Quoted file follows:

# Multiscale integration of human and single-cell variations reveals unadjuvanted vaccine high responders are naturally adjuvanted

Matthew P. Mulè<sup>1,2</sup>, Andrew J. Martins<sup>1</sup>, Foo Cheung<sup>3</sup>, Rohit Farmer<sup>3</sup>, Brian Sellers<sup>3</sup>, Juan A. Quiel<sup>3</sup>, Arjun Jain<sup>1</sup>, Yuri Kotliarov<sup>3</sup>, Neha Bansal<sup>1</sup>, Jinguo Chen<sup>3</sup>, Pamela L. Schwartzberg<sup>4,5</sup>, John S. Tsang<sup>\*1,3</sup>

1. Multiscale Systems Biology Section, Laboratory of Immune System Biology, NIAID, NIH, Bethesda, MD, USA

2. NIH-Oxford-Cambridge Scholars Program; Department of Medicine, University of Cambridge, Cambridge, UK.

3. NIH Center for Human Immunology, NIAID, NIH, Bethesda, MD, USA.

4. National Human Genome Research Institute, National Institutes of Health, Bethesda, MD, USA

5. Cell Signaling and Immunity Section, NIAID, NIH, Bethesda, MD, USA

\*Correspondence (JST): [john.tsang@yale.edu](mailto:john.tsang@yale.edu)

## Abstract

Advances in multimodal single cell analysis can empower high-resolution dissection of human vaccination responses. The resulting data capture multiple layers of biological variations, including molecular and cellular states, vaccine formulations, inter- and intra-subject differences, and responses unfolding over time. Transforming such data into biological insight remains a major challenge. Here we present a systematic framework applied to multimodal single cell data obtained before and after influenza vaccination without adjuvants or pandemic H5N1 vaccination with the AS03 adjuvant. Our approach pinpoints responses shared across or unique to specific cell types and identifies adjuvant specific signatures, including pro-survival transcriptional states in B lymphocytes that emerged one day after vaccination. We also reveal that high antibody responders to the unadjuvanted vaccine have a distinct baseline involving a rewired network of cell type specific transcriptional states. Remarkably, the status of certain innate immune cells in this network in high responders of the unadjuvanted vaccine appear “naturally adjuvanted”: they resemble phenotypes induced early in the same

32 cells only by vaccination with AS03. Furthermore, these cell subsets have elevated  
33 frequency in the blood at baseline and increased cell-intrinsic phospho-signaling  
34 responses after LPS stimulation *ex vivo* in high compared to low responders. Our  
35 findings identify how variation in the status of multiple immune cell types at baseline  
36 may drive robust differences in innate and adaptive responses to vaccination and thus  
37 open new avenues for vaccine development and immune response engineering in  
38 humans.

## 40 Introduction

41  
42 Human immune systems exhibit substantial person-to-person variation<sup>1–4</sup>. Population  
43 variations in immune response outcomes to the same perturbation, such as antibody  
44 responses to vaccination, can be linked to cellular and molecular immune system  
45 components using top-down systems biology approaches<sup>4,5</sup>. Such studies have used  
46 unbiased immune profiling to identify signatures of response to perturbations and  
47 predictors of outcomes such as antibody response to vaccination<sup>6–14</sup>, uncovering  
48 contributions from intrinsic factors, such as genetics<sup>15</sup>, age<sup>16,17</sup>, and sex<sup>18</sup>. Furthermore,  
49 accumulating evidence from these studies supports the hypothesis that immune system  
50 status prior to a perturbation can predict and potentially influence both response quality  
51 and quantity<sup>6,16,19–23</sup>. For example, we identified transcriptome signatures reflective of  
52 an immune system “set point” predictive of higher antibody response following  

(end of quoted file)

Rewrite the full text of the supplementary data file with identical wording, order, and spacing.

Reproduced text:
# Multiscale integration of human and single-cell variations reveals unadjuvanted vaccine high responders are naturally adjuvanted

Matthew P. Mulè<sup>1,2</sup>, Andrew J. Martins<sup>1</sup>, Foo Cheung<sup>3</sup>, Rohit Farmer<sup>3</sup>, Brian Sellers<sup>3</sup>, Juan A. Quiel<sup>3</sup>, Arjun Jain<sup>1</sup>, Yuri Kotliarov<sup>3</sup>, Neha Bansal<sup>1</sup>, Jinguo Chen<sup>3</sup>, Pamela L. Schwartzberg<sup>4,5</sup>, John S. Tsang<sup>\*1,3</sup>

1. Multiscale Systems Biology Section, Laboratory of Immune System Biology, NIAID, NIH, Bethesda, MD, USA

2. NIH-Oxford-Cambridge Scholars Program; Department of Medicine, University of Cambridge, Cambridge, UK.

3. NIH Center for Human Immunology, NIAID, NIH, Bethesda, MD, USA.

4. National Human Genome Research Institute, National Institutes of Health, Bethesda, MD, USA

5. Cell Signaling and Immunity Section, NIAID, NIH, Bethesda, MD, USA

\*Correspondence (JST): [john.tsang@yale.edu](mailto:john.tsang@yale.edu)

## Abstract

Advances in multimodal single cell analysis can empower high-resolution dissection of human vaccination responses. The resulting data capture multiple layers of biological variations, including molecular and cellular states, vaccine formulations, inter- and intra-subject differences, and responses unfolding over time. Transforming such data into biological insight remains a major challenge. Here we present a systematic framework applied to multimodal single cell data obtained before and after influenza vaccination without adjuvants or pandemic H5N1 vaccination with the AS03 adjuvant. Our approach pinpoints responses shared across or unique to specific cell types and identifies adjuvant specific signatures, including pro-survival transcriptional states in B lymphocytes that emerged one day after vaccination. We also reveal that high antibody responders to the unadjuvanted vaccine have a distinct baseline involving a rewired network of cell type specific transcriptional states. Remarkably, the status of certain innate immune cells in this network in high responders of the unadjuvanted vaccine appear “naturally adjuvanted”: they resemble phenotypes induced early in the same

32 cells only by vaccination with AS03. Furthermore, these cell subsets have elevated  
33 frequency in the blood at baseline and increased cell-intrinsic phospho-signaling  
34 responses after LPS stimulation *ex vivo* in high compared to low responders. Our  
35 findings identify how variation in the status of multiple immune cell types at baseline  
36 may drive robust differences in innate and adaptive responses to vaccination and thus  
37 open new avenues for vaccine development and immune response engineering in  
38 humans.

## 40 Introduction

41  
42 Human immune systems exhibit substantial person-to-person variation<sup>1–4</sup>. Population  
43 variations in immune response outcomes to the same perturbation, such as antibody  
44 responses to vaccination, can be linked to cellular and molecular immune system  
45 components using top-down systems biology approaches<sup>4,5</sup>. Such studies have used  
46 unbiased immune profiling to identify signatures of response to perturbations and  
47 predictors of outcomes such as antibody response to vaccination<sup>6–14</sup>, uncovering  
48 contributions from intrinsic factors, such as genetics<sup>15</sup>, age<sup>16,17</sup>, and sex<sup>18</sup>. Furthermore,  
49 accumulating evidence from these studies supports the hypothesis that immune system  
50 status prior to a perturbation can predict and potentially influence both response quality  
51 and quantity<sup>6,16,19–23</sup>. For example, we identified transcriptome signatures reflective of  
52 an immune system “set point” predictive of higher antibody response following  